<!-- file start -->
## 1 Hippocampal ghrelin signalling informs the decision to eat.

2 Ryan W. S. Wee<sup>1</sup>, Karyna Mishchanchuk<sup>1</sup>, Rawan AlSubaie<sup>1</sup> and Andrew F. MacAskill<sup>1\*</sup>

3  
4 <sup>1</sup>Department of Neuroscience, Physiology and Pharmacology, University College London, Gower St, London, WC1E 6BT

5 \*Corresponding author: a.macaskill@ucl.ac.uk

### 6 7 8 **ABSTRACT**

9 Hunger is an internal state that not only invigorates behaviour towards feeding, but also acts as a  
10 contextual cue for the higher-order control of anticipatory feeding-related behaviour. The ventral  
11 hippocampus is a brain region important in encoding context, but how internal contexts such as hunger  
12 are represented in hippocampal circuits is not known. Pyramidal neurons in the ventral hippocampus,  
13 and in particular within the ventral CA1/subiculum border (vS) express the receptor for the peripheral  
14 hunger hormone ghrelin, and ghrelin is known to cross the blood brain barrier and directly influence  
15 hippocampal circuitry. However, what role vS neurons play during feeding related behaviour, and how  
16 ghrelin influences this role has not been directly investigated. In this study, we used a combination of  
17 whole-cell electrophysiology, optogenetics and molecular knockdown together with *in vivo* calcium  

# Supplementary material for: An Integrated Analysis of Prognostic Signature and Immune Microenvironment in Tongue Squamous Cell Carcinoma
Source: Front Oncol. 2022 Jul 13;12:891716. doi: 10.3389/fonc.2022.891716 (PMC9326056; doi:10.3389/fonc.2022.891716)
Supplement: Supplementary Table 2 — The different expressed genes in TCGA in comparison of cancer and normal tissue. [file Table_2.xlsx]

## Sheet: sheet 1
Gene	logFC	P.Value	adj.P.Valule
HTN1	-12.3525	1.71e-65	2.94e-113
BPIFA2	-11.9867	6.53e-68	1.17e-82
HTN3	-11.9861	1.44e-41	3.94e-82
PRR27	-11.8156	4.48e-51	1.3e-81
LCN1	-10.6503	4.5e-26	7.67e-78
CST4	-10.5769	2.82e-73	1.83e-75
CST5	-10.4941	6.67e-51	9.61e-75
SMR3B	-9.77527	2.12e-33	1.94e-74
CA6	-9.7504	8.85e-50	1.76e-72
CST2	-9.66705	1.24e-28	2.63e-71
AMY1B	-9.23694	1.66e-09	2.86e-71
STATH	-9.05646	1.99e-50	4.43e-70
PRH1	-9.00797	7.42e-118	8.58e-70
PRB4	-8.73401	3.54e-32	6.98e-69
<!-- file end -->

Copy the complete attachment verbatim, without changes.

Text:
## 1 Hippocampal ghrelin signalling informs the decision to eat.

2 Ryan W. S. Wee<sup>1</sup>, Karyna Mishchanchuk<sup>1</sup>, Rawan AlSubaie<sup>1</sup> and Andrew F. MacAskill<sup>1\*</sup>

3  
4 <sup>1</sup>Department of Neuroscience, Physiology and Pharmacology, University College London, Gower St, London, WC1E 6BT

5 \*Corresponding author: a.macaskill@ucl.ac.uk

### 6 7 8 **ABSTRACT**

9 Hunger is an internal state that not only invigorates behaviour towards feeding, but also acts as a  
10 contextual cue for the higher-order control of anticipatory feeding-related behaviour. The ventral  
11 hippocampus is a brain region important in encoding context, but how internal contexts such as hunger  
12 are represented in hippocampal circuits is not known. Pyramidal neurons in the ventral hippocampus,  
13 and in particular within the ventral CA1/subiculum border (vS) express the receptor for the peripheral  
14 hunger hormone ghrelin, and ghrelin is known to cross the blood brain barrier and directly influence  
15 hippocampal circuitry. However, what role vS neurons play during feeding related behaviour, and how  
16 ghrelin influences this role has not been directly investigated. In this study, we used a combination of  
17 whole-cell electrophysiology, optogenetics and molecular knockdown together with *in vivo* calcium  

# Supplementary material for: An Integrated Analysis of Prognostic Signature and Immune Microenvironment in Tongue Squamous Cell Carcinoma
Source: Front Oncol. 2022 Jul 13;12:891716. doi: 10.3389/fonc.2022.891716 (PMC9326056; doi:10.3389/fonc.2022.891716)
Supplement: Supplementary Table 2 — The different expressed genes in TCGA in comparison of cancer and normal tissue. [file Table_2.xlsx]

## Sheet: sheet 1
Gene	logFC	P.Value	adj.P.Valule
HTN1	-12.3525	1.71e-65	2.94e-113
BPIFA2	-11.9867	6.53e-68	1.17e-82
HTN3	-11.9861	1.44e-41	3.94e-82
PRR27	-11.8156	4.48e-51	1.3e-81
LCN1	-10.6503	4.5e-26	7.67e-78
CST4	-10.5769	2.82e-73	1.83e-75
CST5	-10.4941	6.67e-51	9.61e-75
SMR3B	-9.77527	2.12e-33	1.94e-74
CA6	-9.7504	8.85e-50	1.76e-72
CST2	-9.66705	1.24e-28	2.63e-71
AMY1B	-9.23694	1.66e-09	2.86e-71
STATH	-9.05646	1.99e-50	4.43e-70
PRH1	-9.00797	7.42e-118	8.58e-70
PRB4	-8.73401	3.54e-32	6.98e-69